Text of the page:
Study: Classroom ventilation affects student performance

Wednesday, December 08, 2010

Test scores improved when fresh air was properly circulated

Students in well-ventilated classrooms perform significantly better on standardized tests than their peers who receive inadequate fresh air, according to newly published research conducted by The University of Tulsa’s Indoor Air Program.

“Far too many schools fall short of providing a healthy learning environment for children. By doing something as simple as introducing more fresh air into the classroom, schools potentially could help every student perform at a higher level,” said Richard Shaughnessy, program director of Indoor Air Quality Research at TU and a research associate in the Department of Chemical Engineering.

The study suggests that increasing classroom ventilation rates toward recommended guidelines translates into improved academic achievement. Reaching the recommended guidelines and pursuing better understanding of the underlying relationships would support sustainable and productive school environments for students and personnel.

Circulating adequate outdoor air through classrooms dilutes the amount of pollution and contaminants. Other researchers have found that improved air quality at schools leads to healthier students, and Shaughnessy’s team is conducting similar studies.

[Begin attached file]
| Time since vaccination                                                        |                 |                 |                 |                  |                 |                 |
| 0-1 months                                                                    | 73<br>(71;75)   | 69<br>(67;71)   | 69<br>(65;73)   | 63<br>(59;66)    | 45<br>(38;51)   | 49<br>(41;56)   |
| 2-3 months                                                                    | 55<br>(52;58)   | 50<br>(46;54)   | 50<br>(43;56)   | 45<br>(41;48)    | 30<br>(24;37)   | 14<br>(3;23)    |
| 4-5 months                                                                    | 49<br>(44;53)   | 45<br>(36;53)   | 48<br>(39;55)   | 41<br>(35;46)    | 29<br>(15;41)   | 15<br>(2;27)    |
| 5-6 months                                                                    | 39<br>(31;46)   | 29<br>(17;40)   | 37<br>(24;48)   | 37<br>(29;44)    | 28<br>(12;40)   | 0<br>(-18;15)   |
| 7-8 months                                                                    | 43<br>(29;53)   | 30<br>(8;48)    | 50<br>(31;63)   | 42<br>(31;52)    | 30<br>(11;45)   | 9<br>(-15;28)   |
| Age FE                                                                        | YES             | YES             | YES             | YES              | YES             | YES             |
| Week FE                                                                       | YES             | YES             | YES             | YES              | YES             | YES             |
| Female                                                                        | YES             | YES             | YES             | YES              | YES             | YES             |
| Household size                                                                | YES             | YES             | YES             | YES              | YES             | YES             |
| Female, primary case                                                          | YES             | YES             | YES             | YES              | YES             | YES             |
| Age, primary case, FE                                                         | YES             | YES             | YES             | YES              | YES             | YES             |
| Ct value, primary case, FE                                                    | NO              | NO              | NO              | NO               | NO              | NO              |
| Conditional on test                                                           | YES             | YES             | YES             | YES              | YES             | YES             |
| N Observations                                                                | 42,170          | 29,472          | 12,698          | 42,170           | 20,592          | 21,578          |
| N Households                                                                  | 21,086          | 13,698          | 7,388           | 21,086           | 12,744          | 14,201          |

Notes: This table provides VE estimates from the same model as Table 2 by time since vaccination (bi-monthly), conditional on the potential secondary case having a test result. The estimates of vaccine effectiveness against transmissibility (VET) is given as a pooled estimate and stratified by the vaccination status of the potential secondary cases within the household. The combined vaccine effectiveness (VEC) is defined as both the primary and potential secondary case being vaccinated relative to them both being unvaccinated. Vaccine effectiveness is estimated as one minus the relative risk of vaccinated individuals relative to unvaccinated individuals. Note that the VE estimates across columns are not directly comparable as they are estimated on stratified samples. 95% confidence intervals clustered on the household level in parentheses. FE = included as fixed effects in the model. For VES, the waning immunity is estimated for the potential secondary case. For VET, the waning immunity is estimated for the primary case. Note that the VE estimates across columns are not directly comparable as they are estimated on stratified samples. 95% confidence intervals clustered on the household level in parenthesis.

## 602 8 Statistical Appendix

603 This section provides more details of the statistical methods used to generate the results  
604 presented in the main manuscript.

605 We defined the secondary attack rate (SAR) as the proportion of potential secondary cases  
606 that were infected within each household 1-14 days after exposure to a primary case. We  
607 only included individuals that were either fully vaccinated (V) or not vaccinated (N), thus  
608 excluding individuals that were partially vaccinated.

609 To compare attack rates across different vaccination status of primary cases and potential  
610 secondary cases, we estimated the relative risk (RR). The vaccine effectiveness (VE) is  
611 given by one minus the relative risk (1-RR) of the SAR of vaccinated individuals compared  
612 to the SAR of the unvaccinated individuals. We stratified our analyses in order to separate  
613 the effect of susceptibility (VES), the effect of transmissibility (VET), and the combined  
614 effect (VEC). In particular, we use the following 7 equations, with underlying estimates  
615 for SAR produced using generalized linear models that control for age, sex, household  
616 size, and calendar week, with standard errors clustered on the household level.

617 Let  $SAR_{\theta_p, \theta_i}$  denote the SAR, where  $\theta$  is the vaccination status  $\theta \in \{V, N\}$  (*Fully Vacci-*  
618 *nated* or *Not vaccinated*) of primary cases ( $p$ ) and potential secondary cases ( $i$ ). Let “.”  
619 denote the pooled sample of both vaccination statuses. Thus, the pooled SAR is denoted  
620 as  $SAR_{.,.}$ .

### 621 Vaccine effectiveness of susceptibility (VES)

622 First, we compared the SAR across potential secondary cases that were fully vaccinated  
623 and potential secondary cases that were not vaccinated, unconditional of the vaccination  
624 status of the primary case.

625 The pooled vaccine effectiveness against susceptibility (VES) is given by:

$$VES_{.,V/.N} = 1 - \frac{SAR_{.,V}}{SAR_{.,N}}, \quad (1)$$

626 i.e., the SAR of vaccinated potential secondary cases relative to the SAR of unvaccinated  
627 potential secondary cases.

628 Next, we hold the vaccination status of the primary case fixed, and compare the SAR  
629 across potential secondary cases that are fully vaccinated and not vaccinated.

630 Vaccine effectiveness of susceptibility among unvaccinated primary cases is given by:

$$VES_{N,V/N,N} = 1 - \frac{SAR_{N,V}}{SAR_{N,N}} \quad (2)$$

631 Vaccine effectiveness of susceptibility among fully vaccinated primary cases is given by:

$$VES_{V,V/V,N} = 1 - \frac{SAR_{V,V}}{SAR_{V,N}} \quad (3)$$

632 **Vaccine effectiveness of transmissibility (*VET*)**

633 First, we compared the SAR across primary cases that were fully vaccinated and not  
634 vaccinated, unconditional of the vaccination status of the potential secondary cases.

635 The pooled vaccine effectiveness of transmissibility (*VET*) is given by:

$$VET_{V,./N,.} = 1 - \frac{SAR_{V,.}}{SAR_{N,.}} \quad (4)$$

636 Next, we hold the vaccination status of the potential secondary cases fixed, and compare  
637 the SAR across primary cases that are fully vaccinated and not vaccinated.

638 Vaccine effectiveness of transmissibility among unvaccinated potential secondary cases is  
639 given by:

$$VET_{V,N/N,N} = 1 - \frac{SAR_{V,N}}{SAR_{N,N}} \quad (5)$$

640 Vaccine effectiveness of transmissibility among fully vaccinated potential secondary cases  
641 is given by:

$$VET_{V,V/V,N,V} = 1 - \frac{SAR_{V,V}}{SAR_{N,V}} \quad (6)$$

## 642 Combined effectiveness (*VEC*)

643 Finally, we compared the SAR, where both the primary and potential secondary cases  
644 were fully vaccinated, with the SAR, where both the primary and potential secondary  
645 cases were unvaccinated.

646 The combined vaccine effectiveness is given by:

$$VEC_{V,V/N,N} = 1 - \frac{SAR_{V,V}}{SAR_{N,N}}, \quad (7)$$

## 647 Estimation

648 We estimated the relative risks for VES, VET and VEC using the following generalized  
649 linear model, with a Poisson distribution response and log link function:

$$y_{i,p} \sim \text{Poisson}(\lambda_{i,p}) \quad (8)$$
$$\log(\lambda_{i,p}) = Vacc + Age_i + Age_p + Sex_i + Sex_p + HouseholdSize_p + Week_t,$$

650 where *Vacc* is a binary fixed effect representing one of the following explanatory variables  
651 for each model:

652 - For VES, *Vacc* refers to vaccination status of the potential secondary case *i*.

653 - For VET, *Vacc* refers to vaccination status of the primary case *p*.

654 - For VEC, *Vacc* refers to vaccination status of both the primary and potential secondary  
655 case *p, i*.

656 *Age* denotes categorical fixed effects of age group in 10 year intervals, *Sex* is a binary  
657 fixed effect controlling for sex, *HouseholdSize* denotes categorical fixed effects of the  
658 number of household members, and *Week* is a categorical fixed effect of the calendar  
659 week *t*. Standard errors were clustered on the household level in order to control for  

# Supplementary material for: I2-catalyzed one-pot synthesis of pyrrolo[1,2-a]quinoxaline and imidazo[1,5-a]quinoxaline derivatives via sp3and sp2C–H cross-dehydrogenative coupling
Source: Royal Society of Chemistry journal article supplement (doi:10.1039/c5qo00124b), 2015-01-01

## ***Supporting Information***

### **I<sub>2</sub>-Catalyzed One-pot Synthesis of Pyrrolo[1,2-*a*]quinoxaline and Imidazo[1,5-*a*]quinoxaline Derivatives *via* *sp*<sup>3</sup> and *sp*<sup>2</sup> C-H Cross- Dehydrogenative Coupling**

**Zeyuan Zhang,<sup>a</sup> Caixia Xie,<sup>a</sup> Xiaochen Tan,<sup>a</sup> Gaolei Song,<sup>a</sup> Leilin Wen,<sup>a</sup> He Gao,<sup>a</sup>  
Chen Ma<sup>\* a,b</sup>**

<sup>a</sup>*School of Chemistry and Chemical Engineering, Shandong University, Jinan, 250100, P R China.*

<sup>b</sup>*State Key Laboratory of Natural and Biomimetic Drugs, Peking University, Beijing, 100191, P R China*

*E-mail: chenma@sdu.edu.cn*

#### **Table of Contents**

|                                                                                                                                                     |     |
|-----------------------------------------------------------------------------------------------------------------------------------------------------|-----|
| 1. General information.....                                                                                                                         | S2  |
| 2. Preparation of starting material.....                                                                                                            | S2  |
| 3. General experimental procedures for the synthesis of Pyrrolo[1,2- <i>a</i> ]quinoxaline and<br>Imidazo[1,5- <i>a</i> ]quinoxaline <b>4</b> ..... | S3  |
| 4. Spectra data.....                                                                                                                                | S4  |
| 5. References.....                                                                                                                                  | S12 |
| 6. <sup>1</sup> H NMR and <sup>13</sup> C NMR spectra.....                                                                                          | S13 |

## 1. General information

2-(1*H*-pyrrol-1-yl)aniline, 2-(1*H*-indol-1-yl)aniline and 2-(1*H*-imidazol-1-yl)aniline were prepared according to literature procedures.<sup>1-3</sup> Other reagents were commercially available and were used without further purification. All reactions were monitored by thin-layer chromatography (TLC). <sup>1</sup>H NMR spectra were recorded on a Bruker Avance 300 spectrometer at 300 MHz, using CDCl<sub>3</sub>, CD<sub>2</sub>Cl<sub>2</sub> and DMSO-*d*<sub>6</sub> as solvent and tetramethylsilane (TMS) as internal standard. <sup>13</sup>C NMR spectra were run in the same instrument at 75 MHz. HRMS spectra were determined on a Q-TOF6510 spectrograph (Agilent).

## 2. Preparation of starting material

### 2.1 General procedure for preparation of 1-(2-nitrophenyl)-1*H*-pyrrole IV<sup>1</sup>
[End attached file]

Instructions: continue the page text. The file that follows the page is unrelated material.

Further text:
“With poor ventilation, all contaminants that may be present in a classroom – including particles, molds, viruses and odors from products such as cleaning supplies, art supplies, adhesives, paints, textiles and chemicals – are more concentrated, which may result in more sick days and higher absenteeism. This is especially important as financially challenged public school districts attempt to improve test scores and learning ability in elementary schools,” he said. “This information has national and even international implications.”

The latest TU-based research examined the ventilation rates in 100 fifth-grade classrooms, each from a different elementary school in two southwest U.S. school districts. Carbon dioxide concentrations were measured along with students’ standardized test scores, and 87 of the 100 classrooms evaluated had ventilation rates below the guidelines recommended by the American Society of Heating, Refrigerating and Air-Conditioning Engineers (ASHRAE).

The research suggests a correlation between stagnant air and students’ academic achievement within the range of 0.9 to 7.1 l/s per person. The study showed that for every unit (1 l/s per person) increase in the ventilation rate, the proportion of students passing standardized math test (i.e., scoring satisfactory or above) is expected to increase by 2.9 percent, and the proportion of students passing the standardized reading test is expected to increase by 2.7 percent.

The linear relationship observed may level off or change direction with ventilation rates higher than 7.1 l/s per person, but researchers were unable to test this hypothesis given the limited number of observations.

“We have done parallel studies in Scandinavia, Spain and the Netherlands and found similar inadequacies in ventilation being provided to classrooms. This is a global school-related problem,” Shaughnessy said.

The study has been published online and will appear in the February issue of the Indoor Air Journal.


Mona Chamberlin